It’s best to gently swing your arms, but never across your body’s midline. Keeping your arms relaxed and slightly bent, use your arm stride to propel you forward. If you feel like your arm swing is causing you to rotate side to side, it’s time to slow down. “Using a small and swaying arm drive can cause you to rotate, and can eventually lead to all kinds of problems,” Los Angeles-based running coach David Siik told Women’s Health. “A powerful leg and arm drive creates a great force that meets across your abdominals, giving you an incredible core workout — and a speedy path to a flat, tight stomach!”
You’re Working Out Before Bed
Any workout is better than nothing. If you are only able to find time to exercise in the evenings, keep doing your thing. However, it seems that the morning exercisers are reaping all the benefits.
A recent study looked at the effects of exercising first thing in the morning, in the afternoon, and right before bed. “Much to our surprise, 7 a.m. exercise was better in terms of reduced blood pressure throughout the day and greater sleep benefits than exercise at 7 p.m., and there was little blood pressure or sleep benefit when exercise was done at 1 p.m.,” says Appalachian State University’s Dr. Scott Collier. “We don’t yet know the physiological mechanisms that result in these changes, but we do know enough to say if you need to decrease your blood pressure and if you need to increase your quality of sleep, 7 a.m. is probably the best time to exercise.” If you’ve always resisted the idea of waking up earlier, maybe try getting up just five minutes earlier tomorrow. Slowly work your way up until you have time to work out in the morning.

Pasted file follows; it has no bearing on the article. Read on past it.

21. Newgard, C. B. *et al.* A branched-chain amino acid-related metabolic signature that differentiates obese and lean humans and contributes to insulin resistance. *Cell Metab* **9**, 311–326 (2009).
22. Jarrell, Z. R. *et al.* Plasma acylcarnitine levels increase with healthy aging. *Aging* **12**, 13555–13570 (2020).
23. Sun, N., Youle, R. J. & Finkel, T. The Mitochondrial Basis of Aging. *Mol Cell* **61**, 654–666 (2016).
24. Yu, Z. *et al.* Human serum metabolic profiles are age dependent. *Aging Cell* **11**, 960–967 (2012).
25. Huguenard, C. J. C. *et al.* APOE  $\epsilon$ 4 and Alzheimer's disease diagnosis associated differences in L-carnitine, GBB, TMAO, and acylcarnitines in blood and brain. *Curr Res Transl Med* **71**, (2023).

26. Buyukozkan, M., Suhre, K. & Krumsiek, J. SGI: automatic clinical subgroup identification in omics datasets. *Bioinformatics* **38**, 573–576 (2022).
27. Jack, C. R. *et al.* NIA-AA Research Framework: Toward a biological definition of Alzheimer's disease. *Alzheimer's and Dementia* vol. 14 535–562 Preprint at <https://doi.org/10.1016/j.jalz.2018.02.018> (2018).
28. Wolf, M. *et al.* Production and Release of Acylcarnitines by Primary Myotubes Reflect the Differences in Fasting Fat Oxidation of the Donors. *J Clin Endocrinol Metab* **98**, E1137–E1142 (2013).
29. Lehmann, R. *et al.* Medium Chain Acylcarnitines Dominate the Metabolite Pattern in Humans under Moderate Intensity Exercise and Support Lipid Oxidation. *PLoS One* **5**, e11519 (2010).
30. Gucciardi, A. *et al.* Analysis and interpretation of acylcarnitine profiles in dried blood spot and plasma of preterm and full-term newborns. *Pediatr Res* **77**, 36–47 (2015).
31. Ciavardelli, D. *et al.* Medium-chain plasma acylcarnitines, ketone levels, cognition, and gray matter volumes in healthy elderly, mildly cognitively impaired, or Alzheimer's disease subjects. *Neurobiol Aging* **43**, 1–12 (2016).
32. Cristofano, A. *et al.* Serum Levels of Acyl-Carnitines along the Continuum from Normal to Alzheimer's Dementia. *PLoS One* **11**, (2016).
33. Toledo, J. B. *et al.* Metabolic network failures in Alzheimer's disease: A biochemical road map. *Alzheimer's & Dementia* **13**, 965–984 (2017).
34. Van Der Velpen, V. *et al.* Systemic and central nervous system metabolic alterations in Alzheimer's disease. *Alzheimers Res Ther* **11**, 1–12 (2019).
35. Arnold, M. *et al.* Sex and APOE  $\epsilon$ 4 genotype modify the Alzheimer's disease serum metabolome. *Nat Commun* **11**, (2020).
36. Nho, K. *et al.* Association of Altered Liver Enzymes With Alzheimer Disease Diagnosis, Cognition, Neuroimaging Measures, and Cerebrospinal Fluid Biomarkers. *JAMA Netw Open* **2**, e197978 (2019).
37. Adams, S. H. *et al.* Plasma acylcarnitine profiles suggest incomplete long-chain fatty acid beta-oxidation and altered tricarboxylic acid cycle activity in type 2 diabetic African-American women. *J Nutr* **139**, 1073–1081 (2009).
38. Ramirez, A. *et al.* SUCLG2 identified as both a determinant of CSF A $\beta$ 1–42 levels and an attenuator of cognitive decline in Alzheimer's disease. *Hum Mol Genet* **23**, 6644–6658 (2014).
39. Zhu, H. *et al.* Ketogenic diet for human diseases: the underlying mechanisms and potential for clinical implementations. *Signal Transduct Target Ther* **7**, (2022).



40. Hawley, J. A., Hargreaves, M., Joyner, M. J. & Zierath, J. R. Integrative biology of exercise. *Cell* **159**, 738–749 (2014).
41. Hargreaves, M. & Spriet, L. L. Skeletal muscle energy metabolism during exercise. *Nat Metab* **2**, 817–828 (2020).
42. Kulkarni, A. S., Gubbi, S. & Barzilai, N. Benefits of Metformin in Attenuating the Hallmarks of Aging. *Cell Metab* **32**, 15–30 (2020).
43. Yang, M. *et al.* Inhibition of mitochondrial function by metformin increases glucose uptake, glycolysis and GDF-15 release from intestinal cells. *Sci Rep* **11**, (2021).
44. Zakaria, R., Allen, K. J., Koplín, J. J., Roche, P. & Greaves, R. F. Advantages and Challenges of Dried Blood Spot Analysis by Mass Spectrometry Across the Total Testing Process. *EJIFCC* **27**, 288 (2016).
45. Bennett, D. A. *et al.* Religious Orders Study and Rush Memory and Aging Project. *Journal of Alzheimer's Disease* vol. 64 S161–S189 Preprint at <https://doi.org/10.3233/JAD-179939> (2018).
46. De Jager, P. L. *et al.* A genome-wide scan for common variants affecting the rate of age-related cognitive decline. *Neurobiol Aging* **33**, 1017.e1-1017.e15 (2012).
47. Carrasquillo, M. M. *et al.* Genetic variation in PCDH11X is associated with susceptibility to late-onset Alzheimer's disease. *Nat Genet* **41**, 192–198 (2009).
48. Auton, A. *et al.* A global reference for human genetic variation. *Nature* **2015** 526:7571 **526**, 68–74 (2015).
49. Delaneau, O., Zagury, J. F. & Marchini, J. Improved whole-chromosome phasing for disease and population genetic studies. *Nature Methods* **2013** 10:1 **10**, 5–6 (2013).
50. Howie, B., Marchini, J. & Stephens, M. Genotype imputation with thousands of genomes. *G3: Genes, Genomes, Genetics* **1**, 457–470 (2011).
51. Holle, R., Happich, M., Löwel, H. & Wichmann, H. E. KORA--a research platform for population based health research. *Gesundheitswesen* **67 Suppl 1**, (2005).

Your Dogs are Barking
If your feet are hurting every time you run, it’s time to look at your shoes. One of the most common jogging mistakes is wearing the wrong shoes. “Many injuries of the feet and ankles can be traced back to ill-fitting shoes,” Megan Leahy, DPM, a podiatrist at the Illinois Bone & Joint Institute in Chicago, told Fitness magazine. Dr. Leahy recommends keeping plenty of extra room in your shoes, and actually goes up to a size nine running shoe from her normal size seven.